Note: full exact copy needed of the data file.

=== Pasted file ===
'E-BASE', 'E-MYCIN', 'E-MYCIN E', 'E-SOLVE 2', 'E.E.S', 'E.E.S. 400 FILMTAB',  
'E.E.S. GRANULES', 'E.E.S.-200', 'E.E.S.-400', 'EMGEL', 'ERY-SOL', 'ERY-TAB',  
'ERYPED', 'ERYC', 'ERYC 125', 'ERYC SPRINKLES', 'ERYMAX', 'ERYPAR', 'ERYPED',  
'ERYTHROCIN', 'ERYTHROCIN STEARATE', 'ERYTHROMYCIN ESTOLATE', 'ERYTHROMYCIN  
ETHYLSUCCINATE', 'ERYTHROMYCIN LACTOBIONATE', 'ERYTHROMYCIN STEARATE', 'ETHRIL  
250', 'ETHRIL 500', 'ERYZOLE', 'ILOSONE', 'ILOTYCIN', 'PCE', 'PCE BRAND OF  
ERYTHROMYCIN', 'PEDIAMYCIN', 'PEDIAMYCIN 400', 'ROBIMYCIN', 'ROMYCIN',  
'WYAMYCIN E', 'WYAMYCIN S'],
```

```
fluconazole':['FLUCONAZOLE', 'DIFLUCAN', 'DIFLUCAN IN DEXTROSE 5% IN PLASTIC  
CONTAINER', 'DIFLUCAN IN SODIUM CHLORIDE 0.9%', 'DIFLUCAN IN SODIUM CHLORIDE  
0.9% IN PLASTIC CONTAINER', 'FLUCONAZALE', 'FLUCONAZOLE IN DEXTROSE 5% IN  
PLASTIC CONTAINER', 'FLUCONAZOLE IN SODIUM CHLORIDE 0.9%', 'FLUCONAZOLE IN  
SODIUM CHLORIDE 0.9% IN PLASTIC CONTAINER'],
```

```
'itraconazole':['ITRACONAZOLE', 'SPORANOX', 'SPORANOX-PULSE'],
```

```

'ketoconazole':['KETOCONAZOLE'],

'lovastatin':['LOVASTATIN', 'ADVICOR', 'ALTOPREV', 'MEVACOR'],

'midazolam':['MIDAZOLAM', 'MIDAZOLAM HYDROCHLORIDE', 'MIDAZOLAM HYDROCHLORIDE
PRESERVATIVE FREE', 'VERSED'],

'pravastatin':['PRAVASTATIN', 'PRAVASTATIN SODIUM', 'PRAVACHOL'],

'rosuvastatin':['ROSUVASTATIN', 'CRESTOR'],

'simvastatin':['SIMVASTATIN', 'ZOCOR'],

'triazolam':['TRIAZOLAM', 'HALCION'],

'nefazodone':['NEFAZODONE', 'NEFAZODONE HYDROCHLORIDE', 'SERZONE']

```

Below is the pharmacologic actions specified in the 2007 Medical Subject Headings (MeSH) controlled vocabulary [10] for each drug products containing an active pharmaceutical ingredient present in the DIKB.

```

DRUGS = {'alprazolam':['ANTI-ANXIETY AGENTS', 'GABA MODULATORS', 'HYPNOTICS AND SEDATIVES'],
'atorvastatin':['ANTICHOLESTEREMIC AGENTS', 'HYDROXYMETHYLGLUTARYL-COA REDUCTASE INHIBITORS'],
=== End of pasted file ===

'E-BASE', 'E-MYCIN', 'E-MYCIN E', 'E-SOLVE 2', 'E.E.S', 'E.E.S. 400 FILMTAB',  
'E.E.S. GRANULES', 'E.E.S.-200', 'E.E.S.-400', 'EMGEL', 'ERY-SOL', 'ERY-TAB',  
'ERYPED', 'ERYC', 'ERYC 125', 'ERYC SPRINKLES', 'ERYMAX', 'ERYPAR', 'ERYPED',  
'ERYTHROCIN', 'ERYTHROCIN STEARATE', 'ERYTHROMYCIN ESTOLATE', 'ERYTHROMYCIN  
ETHYLSUCCINATE', 'ERYTHROMYCIN LACTOBIONATE', 'ERYTHROMYCIN STEARATE', 'ETHRIL  
250', 'ETHRIL 500', 'ERYZOLE', 'ILOSONE', 'ILOTYCIN', 'PCE', 'PCE BRAND OF  
ERYTHROMYCIN', 'PEDIAMYCIN', 'PEDIAMYCIN 400', 'ROBIMYCIN', 'ROMYCIN',  
'WYAMYCIN E', 'WYAMYCIN S'],
```

```
fluconazole':['FLUCONAZOLE', 'DIFLUCAN', 'DIFLUCAN IN DEXTROSE 5% IN PLASTIC  
CONTAINER', 'DIFLUCAN IN SODIUM CHLORIDE 0.9%', 'DIFLUCAN IN SODIUM CHLORIDE  
0.9% IN PLASTIC CONTAINER', 'FLUCONAZALE', 'FLUCONAZOLE IN DEXTROSE 5% IN  
PLASTIC CONTAINER', 'FLUCONAZOLE IN SODIUM CHLORIDE 0.9%', 'FLUCONAZOLE IN  
SODIUM CHLORIDE 0.9% IN PLASTIC CONTAINER'],
```

```
'itraconazole':['ITRACONAZOLE', 'SPORANOX', 'SPORANOX-PULSE'],
```

```

'ketoconazole':['KETOCONAZOLE'],

'lovastatin':['LOVASTATIN', 'ADVICOR', 'ALTOPREV', 'MEVACOR'],

'midazolam':['MIDAZOLAM', 'MIDAZOLAM HYDROCHLORIDE', 'MIDAZOLAM HYDROCHLORIDE
PRESERVATIVE FREE', 'VERSED'],

'pravastatin':['PRAVASTATIN', 'PRAVASTATIN SODIUM', 'PRAVACHOL'],

'rosuvastatin':['ROSUVASTATIN', 'CRESTOR'],

'simvastatin':['SIMVASTATIN', 'ZOCOR'],

'triazolam':['TRIAZOLAM', 'HALCION'],

'nefazodone':['NEFAZODONE', 'NEFAZODONE HYDROCHLORIDE', 'SERZONE']

```

Below is the pharmacologic actions specified in the 2007 Medical Subject Headings (MeSH) controlled vocabulary [10] for each drug products containing an active pharmaceutical ingredient present in the DIKB.

```

DRUGS = {'alprazolam':['ANTI-ANXIETY AGENTS', 'GABA MODULATORS', 'HYPNOTICS AND SEDATIVES'],
'atorvastatin':['ANTICHOLESTEREMIC AGENTS', 'HYDROXYMETHYLGLUTARYL-COA REDUCTASE INHIBITORS'],